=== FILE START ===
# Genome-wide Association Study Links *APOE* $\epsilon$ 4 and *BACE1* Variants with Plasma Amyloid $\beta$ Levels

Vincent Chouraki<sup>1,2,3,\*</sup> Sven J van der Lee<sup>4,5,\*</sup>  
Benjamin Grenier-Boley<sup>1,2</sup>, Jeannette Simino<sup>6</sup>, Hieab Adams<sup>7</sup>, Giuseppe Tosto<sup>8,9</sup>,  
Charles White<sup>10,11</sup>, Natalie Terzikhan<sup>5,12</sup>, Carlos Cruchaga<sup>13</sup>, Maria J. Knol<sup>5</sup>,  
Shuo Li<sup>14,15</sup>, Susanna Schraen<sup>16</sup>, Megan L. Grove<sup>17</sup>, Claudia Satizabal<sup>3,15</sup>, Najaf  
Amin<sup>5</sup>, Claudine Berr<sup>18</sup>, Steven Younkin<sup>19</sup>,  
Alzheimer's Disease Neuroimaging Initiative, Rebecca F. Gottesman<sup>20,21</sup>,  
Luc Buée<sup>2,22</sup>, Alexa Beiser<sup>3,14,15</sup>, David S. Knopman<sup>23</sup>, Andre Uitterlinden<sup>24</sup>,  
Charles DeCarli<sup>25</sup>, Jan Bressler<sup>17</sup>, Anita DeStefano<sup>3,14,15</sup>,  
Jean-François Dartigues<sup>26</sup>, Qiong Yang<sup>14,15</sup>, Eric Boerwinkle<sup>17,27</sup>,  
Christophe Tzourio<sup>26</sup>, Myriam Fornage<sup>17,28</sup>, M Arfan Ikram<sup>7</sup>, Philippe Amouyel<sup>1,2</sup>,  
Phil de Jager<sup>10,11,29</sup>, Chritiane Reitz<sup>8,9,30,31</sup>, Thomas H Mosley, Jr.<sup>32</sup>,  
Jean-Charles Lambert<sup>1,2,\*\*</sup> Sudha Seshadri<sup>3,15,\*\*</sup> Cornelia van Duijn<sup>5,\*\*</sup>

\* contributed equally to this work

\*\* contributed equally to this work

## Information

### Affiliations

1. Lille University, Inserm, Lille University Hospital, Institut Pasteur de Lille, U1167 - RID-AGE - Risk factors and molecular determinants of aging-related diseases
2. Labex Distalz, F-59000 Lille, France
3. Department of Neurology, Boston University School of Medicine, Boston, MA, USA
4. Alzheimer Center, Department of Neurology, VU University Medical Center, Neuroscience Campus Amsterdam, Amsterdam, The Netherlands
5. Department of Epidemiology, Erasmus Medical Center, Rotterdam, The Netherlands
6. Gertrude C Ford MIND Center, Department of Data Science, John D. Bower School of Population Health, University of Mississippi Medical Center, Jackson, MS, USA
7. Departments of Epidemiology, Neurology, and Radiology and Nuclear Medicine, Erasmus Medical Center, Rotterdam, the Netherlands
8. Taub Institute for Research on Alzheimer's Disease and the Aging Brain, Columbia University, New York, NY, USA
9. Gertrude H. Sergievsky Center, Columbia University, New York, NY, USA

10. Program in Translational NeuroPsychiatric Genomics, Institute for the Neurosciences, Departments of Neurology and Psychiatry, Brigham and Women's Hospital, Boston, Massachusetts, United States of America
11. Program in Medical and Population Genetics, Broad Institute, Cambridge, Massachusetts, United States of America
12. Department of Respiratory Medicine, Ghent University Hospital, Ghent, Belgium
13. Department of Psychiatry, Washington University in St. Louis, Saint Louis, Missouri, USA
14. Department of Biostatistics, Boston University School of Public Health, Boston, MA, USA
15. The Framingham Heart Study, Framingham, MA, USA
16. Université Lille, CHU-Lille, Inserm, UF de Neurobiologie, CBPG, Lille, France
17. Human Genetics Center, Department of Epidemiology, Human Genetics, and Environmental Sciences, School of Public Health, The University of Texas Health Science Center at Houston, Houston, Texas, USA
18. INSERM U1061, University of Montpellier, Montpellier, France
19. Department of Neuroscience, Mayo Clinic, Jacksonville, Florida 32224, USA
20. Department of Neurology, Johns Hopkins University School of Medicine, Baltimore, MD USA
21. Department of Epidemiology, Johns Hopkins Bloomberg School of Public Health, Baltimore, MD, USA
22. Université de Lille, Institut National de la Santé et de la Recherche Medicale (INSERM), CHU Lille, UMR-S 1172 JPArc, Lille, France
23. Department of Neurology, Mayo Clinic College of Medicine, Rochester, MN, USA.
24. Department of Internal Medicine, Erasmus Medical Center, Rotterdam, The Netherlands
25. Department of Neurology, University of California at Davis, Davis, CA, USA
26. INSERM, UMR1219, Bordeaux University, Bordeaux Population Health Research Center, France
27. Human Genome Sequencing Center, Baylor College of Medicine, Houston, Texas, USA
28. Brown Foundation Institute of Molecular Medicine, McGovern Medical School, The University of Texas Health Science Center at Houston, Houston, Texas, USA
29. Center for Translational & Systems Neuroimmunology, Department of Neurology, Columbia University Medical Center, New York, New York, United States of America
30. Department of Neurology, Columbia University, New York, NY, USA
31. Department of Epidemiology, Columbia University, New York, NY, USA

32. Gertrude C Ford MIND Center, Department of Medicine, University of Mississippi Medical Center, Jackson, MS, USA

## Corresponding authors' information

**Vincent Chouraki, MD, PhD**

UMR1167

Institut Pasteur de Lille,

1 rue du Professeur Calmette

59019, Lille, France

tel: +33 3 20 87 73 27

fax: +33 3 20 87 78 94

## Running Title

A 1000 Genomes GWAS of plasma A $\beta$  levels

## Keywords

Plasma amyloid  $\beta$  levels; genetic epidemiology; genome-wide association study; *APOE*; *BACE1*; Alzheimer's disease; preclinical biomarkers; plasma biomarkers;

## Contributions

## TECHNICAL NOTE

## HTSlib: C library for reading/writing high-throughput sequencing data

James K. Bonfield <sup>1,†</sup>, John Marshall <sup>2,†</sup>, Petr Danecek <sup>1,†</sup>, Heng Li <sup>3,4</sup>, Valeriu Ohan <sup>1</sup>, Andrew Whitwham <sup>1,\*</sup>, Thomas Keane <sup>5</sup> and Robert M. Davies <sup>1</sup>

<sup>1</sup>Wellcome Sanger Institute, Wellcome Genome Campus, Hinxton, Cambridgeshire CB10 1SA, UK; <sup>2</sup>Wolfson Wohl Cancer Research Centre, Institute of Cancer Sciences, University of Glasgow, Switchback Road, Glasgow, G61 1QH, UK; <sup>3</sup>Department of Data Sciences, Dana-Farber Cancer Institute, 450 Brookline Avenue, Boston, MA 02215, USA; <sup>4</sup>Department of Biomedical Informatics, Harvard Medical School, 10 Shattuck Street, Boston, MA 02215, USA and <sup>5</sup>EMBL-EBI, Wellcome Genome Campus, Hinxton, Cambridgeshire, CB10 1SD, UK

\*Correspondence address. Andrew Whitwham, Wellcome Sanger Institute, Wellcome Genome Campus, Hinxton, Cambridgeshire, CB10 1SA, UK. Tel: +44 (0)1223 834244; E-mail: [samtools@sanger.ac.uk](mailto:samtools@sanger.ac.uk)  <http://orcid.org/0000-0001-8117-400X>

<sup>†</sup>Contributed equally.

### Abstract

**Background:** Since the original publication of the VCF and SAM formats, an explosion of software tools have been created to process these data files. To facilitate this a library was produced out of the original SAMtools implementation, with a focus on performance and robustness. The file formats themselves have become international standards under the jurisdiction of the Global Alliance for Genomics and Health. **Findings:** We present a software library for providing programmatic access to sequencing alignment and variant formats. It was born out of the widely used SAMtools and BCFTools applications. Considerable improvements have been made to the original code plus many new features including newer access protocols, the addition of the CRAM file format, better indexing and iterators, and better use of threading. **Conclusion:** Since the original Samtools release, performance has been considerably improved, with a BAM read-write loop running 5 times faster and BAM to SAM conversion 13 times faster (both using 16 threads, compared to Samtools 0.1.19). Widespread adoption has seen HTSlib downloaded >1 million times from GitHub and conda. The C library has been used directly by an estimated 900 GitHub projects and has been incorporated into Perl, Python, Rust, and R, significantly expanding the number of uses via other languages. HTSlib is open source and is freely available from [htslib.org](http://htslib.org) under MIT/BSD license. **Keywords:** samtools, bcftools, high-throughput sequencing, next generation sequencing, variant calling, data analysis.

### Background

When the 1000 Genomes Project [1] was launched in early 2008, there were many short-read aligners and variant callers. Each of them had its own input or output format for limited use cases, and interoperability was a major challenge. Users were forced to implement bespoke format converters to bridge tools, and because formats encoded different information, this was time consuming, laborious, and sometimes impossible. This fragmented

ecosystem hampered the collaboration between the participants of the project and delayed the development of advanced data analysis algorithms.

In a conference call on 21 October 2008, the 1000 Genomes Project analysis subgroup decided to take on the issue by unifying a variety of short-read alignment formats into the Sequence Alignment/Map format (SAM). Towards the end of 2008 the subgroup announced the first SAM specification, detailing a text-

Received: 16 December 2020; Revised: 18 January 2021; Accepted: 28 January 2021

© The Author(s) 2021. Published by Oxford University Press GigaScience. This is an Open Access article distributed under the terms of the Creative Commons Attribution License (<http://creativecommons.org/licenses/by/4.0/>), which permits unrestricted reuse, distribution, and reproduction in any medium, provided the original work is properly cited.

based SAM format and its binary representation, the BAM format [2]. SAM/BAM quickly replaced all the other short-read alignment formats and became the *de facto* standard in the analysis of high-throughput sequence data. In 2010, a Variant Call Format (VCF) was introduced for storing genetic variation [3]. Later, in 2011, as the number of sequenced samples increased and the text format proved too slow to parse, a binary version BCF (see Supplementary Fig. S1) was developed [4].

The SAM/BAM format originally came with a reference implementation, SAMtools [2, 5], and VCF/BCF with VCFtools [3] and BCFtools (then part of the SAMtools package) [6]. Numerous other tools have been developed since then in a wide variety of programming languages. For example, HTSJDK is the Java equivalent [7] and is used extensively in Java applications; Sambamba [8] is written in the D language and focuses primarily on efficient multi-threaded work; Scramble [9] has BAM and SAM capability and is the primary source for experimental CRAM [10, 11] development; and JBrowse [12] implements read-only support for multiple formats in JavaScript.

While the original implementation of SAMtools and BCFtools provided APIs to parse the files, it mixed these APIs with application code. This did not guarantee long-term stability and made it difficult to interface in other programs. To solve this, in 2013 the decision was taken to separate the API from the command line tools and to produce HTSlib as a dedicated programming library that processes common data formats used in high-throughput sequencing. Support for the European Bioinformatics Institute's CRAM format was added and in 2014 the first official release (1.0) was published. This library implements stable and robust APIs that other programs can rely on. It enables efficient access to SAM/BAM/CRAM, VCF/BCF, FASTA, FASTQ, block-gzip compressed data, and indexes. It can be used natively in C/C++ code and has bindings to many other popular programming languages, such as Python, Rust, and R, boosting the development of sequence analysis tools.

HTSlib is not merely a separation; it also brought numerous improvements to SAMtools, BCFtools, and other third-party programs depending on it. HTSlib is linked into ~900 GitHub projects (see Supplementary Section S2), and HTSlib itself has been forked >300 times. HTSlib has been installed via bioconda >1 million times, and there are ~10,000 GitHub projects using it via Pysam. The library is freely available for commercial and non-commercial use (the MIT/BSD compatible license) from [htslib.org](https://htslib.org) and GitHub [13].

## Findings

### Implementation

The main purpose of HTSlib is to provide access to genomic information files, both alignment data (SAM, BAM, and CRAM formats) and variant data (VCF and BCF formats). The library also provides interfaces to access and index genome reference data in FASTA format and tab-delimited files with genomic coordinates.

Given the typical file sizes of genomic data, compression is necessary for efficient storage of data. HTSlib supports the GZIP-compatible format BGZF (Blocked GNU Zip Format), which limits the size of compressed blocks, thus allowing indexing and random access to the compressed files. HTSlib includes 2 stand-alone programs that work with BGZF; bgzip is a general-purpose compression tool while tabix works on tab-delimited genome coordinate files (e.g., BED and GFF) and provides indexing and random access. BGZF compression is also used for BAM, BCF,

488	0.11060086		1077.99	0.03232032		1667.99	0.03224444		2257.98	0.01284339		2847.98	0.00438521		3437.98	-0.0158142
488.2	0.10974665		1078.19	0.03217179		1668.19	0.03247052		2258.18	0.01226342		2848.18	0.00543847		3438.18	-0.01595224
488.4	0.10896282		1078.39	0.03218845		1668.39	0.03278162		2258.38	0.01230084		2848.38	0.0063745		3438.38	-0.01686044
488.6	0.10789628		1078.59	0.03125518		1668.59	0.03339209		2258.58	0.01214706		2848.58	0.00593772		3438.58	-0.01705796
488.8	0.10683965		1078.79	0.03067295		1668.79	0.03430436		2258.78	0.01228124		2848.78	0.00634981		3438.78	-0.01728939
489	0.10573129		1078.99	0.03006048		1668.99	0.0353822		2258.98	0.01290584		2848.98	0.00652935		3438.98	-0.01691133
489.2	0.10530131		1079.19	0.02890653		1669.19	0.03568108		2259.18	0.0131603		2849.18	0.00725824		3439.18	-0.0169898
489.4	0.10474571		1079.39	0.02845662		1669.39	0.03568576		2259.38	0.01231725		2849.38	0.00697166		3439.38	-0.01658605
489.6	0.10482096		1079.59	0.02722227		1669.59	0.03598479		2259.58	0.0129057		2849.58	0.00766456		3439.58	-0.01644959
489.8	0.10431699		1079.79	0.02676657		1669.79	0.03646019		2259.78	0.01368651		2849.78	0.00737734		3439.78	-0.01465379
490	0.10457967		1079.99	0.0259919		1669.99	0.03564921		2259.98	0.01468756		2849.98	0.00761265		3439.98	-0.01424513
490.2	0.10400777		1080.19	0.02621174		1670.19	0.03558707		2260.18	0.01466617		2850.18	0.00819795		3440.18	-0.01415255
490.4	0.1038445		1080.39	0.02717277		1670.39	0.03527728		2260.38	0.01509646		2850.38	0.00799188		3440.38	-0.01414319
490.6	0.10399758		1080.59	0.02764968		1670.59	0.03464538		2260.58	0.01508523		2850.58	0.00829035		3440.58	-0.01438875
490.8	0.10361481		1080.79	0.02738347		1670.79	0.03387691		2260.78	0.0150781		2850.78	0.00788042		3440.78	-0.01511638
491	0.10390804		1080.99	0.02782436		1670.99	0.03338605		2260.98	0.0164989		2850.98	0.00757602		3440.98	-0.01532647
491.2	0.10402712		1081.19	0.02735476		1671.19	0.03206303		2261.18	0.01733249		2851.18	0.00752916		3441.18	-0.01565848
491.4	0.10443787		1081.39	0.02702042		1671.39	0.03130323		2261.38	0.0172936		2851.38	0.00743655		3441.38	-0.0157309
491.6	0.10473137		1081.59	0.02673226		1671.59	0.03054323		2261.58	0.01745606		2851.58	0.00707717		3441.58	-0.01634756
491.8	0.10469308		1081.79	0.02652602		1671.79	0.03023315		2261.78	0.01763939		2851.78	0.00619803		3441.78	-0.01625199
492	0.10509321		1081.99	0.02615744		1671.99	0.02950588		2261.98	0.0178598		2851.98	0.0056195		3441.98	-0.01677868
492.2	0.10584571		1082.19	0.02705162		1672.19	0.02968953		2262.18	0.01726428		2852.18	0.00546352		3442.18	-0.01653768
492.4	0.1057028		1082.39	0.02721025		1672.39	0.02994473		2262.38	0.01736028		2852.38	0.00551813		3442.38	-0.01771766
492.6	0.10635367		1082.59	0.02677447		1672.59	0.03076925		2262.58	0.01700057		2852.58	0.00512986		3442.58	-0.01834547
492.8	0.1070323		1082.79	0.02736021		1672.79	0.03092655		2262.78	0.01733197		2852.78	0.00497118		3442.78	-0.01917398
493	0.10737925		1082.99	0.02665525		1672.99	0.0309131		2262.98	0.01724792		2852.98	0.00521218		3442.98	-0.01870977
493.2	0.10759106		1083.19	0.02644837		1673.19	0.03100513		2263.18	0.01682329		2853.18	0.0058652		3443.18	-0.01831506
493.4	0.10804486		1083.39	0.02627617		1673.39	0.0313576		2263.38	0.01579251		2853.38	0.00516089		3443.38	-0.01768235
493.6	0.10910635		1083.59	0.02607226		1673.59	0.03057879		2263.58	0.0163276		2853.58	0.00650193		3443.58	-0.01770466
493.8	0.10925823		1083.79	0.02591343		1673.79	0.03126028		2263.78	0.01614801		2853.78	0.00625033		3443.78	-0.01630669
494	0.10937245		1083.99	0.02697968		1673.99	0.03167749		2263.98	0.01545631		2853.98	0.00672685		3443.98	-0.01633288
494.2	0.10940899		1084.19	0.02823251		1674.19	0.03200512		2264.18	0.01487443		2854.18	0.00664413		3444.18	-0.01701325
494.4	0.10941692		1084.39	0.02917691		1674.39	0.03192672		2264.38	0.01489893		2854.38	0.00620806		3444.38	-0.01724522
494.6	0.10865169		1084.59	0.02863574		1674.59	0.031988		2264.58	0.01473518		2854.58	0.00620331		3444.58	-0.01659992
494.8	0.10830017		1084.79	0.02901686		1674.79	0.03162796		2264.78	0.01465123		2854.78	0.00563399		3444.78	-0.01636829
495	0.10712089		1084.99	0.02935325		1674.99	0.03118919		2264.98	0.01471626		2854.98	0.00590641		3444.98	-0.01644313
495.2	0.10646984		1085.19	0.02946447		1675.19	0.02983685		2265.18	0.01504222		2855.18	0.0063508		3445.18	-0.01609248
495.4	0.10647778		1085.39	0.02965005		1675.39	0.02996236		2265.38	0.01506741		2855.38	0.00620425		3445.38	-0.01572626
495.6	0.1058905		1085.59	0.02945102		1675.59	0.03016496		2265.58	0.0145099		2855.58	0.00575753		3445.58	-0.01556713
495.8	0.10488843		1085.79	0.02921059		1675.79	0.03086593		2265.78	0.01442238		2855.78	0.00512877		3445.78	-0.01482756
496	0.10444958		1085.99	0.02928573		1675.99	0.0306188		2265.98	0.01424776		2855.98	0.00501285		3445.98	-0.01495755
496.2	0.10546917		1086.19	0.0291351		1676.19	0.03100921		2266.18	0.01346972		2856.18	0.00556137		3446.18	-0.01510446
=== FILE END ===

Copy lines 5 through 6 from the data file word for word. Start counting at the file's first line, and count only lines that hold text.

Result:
Shuo Li<sup>14,15</sup>, Susanna Schraen<sup>16</sup>, Megan L. Grove<sup>17</sup>, Claudia Satizabal<sup>3,15</sup>, Najaf  
Amin<sup>5</sup>, Claudine Berr<sup>18</sup>, Steven Younkin<sup>19</sup>,  